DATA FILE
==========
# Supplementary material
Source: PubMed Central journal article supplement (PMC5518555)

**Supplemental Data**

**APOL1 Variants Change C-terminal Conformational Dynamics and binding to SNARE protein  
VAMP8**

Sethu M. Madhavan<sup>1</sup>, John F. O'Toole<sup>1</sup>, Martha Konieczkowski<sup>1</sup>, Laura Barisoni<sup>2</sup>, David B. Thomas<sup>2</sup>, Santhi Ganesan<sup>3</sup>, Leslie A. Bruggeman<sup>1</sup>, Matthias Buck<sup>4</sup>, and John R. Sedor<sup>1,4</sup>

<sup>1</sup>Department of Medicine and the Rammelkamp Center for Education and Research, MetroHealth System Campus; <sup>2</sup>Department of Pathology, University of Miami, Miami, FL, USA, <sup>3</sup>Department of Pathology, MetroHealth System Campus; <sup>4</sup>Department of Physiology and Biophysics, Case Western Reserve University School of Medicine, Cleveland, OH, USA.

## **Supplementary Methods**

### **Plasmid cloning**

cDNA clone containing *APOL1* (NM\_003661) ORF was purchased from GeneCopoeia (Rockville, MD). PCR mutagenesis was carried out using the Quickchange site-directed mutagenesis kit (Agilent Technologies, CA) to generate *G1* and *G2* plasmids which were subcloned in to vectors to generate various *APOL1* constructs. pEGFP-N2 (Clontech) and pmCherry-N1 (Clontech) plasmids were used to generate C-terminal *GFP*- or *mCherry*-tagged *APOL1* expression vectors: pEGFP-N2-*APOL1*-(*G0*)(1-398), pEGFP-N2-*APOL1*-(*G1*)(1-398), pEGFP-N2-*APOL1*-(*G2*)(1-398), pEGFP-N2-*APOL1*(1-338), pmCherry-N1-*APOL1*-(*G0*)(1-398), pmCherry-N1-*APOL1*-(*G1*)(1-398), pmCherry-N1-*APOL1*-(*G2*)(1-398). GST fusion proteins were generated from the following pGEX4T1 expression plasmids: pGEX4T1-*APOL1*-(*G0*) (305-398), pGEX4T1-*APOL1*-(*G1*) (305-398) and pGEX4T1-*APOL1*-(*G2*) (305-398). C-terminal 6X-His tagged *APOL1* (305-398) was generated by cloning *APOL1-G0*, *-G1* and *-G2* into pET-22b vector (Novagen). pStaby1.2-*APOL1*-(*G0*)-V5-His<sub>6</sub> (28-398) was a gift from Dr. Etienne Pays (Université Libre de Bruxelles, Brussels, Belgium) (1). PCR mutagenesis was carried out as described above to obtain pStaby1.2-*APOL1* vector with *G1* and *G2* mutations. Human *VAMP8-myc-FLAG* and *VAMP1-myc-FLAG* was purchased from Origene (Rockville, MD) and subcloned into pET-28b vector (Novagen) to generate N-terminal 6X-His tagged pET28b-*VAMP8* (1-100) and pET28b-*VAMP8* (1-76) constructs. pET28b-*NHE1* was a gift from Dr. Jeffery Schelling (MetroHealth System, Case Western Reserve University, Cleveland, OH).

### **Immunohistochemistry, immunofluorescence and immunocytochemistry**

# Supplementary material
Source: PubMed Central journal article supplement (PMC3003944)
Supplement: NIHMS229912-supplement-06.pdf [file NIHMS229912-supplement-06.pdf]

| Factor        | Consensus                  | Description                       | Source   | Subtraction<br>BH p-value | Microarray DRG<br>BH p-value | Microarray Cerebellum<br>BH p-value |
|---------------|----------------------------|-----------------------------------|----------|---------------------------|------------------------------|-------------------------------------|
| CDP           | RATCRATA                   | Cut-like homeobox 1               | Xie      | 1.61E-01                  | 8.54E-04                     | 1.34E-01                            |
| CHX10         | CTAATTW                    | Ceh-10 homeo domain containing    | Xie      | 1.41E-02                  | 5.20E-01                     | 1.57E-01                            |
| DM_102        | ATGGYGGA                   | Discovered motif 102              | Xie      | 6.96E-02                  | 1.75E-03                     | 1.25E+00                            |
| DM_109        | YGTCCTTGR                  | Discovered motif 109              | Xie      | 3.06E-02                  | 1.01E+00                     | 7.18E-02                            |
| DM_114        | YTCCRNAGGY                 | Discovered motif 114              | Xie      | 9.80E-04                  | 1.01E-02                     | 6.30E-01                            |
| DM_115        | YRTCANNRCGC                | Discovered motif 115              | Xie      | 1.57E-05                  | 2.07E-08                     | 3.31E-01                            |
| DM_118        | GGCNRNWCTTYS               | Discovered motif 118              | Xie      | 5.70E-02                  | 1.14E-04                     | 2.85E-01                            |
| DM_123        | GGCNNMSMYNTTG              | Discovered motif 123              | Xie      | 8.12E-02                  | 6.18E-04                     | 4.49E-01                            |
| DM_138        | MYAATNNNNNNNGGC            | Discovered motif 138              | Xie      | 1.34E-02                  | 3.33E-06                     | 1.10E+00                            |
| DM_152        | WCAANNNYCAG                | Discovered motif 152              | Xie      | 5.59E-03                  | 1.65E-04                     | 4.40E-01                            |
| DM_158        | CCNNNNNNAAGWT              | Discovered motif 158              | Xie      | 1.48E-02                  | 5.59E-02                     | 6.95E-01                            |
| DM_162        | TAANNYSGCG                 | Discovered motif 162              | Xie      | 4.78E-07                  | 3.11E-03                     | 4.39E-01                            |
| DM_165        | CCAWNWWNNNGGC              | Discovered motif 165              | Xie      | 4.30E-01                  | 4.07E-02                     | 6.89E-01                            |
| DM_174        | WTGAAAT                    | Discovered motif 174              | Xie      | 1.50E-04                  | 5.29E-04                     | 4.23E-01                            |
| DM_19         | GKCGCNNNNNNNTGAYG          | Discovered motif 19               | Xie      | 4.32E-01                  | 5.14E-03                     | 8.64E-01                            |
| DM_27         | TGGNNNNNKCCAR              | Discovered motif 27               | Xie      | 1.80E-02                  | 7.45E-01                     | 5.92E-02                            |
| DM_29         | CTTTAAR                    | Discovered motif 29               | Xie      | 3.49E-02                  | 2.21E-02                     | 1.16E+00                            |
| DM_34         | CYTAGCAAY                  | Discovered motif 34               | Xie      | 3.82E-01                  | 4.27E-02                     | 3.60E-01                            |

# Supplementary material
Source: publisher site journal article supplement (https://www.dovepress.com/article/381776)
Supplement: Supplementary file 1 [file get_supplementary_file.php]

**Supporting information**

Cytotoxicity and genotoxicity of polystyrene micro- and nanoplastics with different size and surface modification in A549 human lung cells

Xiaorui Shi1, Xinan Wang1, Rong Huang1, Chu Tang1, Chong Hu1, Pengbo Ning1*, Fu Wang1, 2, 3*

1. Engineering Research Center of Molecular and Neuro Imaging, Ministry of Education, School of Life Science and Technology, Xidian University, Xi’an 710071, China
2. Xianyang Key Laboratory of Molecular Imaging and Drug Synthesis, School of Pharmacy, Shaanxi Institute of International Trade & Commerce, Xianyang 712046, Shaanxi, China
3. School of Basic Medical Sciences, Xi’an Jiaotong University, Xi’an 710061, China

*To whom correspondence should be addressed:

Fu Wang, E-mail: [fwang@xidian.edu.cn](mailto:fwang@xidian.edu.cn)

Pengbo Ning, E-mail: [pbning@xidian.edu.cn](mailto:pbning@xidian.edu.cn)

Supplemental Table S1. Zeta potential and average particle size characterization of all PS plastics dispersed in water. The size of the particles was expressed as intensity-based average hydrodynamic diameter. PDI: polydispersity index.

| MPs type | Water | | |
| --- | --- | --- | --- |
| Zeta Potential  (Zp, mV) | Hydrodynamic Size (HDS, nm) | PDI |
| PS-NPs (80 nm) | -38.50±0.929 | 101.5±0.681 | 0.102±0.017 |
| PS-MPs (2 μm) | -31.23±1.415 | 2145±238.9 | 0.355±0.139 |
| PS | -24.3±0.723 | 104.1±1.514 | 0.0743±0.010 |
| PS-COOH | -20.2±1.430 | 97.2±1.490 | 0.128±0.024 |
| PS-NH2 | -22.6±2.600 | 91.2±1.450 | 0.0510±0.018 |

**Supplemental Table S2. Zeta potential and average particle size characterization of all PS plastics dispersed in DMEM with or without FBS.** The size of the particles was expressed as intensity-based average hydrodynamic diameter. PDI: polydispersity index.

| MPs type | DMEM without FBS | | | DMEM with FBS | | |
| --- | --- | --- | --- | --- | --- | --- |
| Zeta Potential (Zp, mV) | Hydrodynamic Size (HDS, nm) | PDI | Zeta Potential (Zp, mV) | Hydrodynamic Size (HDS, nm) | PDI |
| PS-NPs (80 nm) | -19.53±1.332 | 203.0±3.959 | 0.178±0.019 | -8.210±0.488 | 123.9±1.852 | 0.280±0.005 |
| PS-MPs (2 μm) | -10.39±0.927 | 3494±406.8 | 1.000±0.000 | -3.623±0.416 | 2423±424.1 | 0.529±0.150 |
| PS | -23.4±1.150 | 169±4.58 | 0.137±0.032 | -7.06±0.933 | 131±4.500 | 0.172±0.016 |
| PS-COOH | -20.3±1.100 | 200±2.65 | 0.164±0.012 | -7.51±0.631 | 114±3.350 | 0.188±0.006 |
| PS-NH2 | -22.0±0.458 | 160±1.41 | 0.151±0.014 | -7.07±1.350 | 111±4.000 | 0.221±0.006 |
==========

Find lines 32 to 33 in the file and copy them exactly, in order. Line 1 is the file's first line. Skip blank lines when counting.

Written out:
| DM_27         | TGGNNNNNKCCAR              | Discovered motif 27               | Xie      | 1.80E-02                  | 7.45E-01                     | 5.92E-02                            |
| DM_29         | CTTTAAR                    | Discovered motif 29               | Xie      | 3.49E-02                  | 2.21E-02                     | 1.16E+00                            |